(Jenny Starrs/Photo: Ricky Carioti/The Washington Post)

Judge Neil Gorsuch stressed his independence and defended the integrity of the federal judiciary Tuesday as the Senate hearings on his Supreme Court nomination turned on the search for his judicial philosophy and what one senator called “the elephant in the room” — President Trump.

From the first question from a friendly Republican to a grilling by a Democrat hours later, Gorsuch was called upon on the second day of what is expected to be four days of hearings to assert his impartiality and reassure senators that he would not be swayed by political pressure if he wins confirmation, which appeared even more likely after his marathon session.

Gorsuch reiterated in public what he had told many senators in private — that he is offended by attacks like the ones leveled by President Trump against federal judges who have ruled in the past year in cases involving him.  

“When anyone criticizes the honesty or the integrity or the motives of a federal judge, I find that disheartening. I find that demoralizing — because I know the truth,” Gorsuch told Sen. Richard Blumenthal (D-Conn.).

“Anyone including the president of the United States?” Blumenthal asked, who had made the elephant-in-the-room comment.

 “Anyone is anyone,” Gorsuch said. 

Gorsuch declined, however, to comment specifically on Trump’s various criticisms of federal judges, including an Indiana-born judge of Mexican descent who handled a federal lawsuit involving an online university bearing Trump’s name and the “so-called” judge who ruled against the president’s first attempt to ban travelers from Muslim-dominant countries from entering the United States. 

“I’ve gone as far as I can go ethically,” Gorsuch told Blumenthal.

It was a dramatic moment in a day that for the most part lacked color. Gorsuch refused to be pinned down on most of the issues that Democrats raised: his allegiance to Roe v. Wade, his views on money in politics, the reach of the Second Amendment.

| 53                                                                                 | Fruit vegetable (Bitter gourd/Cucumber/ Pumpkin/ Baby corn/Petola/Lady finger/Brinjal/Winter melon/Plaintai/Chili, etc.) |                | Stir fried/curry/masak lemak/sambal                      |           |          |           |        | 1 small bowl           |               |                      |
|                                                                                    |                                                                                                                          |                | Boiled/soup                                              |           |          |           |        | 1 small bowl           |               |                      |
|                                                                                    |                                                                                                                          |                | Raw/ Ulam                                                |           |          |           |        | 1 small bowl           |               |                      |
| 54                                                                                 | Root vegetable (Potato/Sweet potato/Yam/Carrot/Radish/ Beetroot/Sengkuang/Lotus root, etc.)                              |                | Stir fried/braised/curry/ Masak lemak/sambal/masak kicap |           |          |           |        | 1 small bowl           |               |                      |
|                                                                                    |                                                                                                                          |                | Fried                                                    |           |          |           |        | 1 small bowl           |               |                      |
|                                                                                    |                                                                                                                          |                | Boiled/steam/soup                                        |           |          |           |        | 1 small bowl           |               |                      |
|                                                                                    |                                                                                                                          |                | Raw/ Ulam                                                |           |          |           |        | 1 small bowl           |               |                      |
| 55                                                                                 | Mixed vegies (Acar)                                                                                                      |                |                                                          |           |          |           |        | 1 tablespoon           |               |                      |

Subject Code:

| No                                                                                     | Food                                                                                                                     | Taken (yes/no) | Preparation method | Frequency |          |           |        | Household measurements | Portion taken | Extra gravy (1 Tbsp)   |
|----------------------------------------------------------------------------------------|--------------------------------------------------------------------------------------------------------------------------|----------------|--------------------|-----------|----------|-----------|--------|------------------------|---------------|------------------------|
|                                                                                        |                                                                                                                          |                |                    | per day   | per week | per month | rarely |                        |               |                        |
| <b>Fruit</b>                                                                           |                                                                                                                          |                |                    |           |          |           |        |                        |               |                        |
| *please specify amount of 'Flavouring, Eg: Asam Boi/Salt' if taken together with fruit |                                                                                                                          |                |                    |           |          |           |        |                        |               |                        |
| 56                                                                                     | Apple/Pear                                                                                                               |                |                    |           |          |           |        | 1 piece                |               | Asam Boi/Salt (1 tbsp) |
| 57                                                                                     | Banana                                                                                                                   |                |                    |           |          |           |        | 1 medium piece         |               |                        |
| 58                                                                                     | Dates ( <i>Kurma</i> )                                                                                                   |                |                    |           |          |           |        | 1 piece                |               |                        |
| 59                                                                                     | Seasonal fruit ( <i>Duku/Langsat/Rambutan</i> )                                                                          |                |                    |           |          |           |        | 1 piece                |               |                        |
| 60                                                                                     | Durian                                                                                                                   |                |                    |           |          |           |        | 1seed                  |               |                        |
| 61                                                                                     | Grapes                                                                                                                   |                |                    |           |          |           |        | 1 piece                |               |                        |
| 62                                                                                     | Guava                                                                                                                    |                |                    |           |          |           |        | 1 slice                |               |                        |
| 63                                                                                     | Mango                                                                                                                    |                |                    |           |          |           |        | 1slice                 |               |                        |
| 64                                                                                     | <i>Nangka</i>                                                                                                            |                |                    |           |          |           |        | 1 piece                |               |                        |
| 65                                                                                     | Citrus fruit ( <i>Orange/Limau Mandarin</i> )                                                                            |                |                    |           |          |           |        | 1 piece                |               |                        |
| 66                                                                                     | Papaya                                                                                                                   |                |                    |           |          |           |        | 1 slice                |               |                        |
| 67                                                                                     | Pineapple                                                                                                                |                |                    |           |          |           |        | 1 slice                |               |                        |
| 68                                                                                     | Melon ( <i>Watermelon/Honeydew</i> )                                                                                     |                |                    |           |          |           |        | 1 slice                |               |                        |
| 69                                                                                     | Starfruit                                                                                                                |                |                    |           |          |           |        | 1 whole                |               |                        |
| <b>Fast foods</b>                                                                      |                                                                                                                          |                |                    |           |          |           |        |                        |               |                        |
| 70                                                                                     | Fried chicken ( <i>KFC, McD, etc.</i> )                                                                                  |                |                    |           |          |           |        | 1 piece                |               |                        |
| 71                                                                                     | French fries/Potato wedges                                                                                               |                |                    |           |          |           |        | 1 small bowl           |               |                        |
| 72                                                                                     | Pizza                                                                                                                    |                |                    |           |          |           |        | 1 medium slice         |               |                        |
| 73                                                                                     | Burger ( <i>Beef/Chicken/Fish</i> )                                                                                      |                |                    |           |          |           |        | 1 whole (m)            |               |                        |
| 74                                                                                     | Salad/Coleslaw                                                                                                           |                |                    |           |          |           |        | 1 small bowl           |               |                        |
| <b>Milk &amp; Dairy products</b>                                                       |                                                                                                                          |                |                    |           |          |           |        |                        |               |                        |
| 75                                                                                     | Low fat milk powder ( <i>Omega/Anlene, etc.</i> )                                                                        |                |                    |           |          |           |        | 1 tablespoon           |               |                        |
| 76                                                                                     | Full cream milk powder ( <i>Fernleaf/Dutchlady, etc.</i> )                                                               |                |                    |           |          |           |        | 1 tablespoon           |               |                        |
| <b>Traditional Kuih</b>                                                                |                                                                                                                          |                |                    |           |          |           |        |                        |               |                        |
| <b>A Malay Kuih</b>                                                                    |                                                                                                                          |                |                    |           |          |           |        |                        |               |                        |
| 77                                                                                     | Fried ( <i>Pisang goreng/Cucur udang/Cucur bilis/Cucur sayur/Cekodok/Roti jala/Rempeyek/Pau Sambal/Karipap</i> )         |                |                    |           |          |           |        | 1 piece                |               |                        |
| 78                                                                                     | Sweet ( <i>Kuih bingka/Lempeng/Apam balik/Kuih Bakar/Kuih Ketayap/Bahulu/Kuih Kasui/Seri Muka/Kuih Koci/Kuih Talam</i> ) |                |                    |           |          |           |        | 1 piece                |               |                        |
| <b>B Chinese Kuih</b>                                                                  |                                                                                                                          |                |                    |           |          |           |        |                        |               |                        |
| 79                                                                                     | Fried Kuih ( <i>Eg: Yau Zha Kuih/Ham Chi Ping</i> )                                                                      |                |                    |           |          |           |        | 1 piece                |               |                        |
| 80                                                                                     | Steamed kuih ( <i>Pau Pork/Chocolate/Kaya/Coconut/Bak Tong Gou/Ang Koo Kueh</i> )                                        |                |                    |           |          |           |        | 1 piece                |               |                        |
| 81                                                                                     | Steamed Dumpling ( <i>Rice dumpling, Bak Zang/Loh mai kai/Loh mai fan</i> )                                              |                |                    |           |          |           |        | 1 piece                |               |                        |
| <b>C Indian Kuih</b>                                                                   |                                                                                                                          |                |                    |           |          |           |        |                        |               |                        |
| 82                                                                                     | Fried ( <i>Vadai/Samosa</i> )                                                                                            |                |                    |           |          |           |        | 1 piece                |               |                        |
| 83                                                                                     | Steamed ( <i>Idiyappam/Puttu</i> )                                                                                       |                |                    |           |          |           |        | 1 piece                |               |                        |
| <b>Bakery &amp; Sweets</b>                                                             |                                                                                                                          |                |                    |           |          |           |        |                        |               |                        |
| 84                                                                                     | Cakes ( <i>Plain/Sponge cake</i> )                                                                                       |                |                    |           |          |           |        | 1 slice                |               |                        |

He portrayed what Democrats saw as controversial rulings in his 10 years on the U.S. Court of Appeals for the 10th Circuit in Denver as authentic attempts to interpret the laws that Congress writes.

“If we got it wrong, I’m very sorry, but we did our level best,” he said about a decision criticized by Sen. Richard J. Durbin (D-Ill.), but added: “It was affirmed by the Supreme Court.”

Sen. Al Franken (D-Minn.) questioned Gorsuch’s ruling in what has become a celebrated case of a trucker who was fired after unhitching his trailer in subzero weather and driving away in search of warmth and safety. Gorsuch was the lone dissenter in saying a federal law did not protect the driver, but Franken said the judge could have ruled that a strict interpretation of the law would lead to an absurd result.

“I had a career in identifying absurdity, and I know it when I see it,” Franken said.

Republican senators did little more than set up Gorsuch, 49, to display an encyclopedic knowledge of the Constitution and Supreme Court precedent, and to allow him to stress his roots as an outdoorsy Westerner.

“What’s the largest trout you’ve ever caught?” asked Sen. Jeff Flake (R-Ariz.).

Gorsuch will be at the witness table again Wednesday as well as the fourth and final day of hearings scheduled for Thursday.

Gorsuch seemed happy at the outset of the hearing to take what even he called the “softball” question offered by Senate Judiciary Committee Chairman Charles E. Grassley (R-Iowa) about whether he would have any trouble ruling against Trump, the man who nominated him.

“I have no difficulty ruling against or for any party other than based on what the law and the facts of a particular case require,” Gorsuch told the panel. “And I’m heartened by the support I have received from people who recognize that there’s no such thing as a Republican judge or a Democratic judge — we just have judges in this country.

“My personal views . . . I leave those at home,” he added later.

The Columbia-Oxford-Harvard graduate employed a homespun tone — “gosh,” “golly” and “nope” punctuated his answers. Corny dad jokes fell flat, especially with the Democratic senators.

They pressed him on abortion, gun rights, privacy and the protracted 2000 presidential campaign recount. As other Supreme Court nominees have, Gorsuch explained that it would be improper to give his views on cases that might come before him or to grade decisions made in the past.

He had a tense encounter with Sen. Sheldon Whitehouse (D-R.I.), who sparred with him on issues of campaign finance and “dark money,” including a $10 million campaign by the group Judicial Crisis Network to advocate for Gorsuch’s confirmation.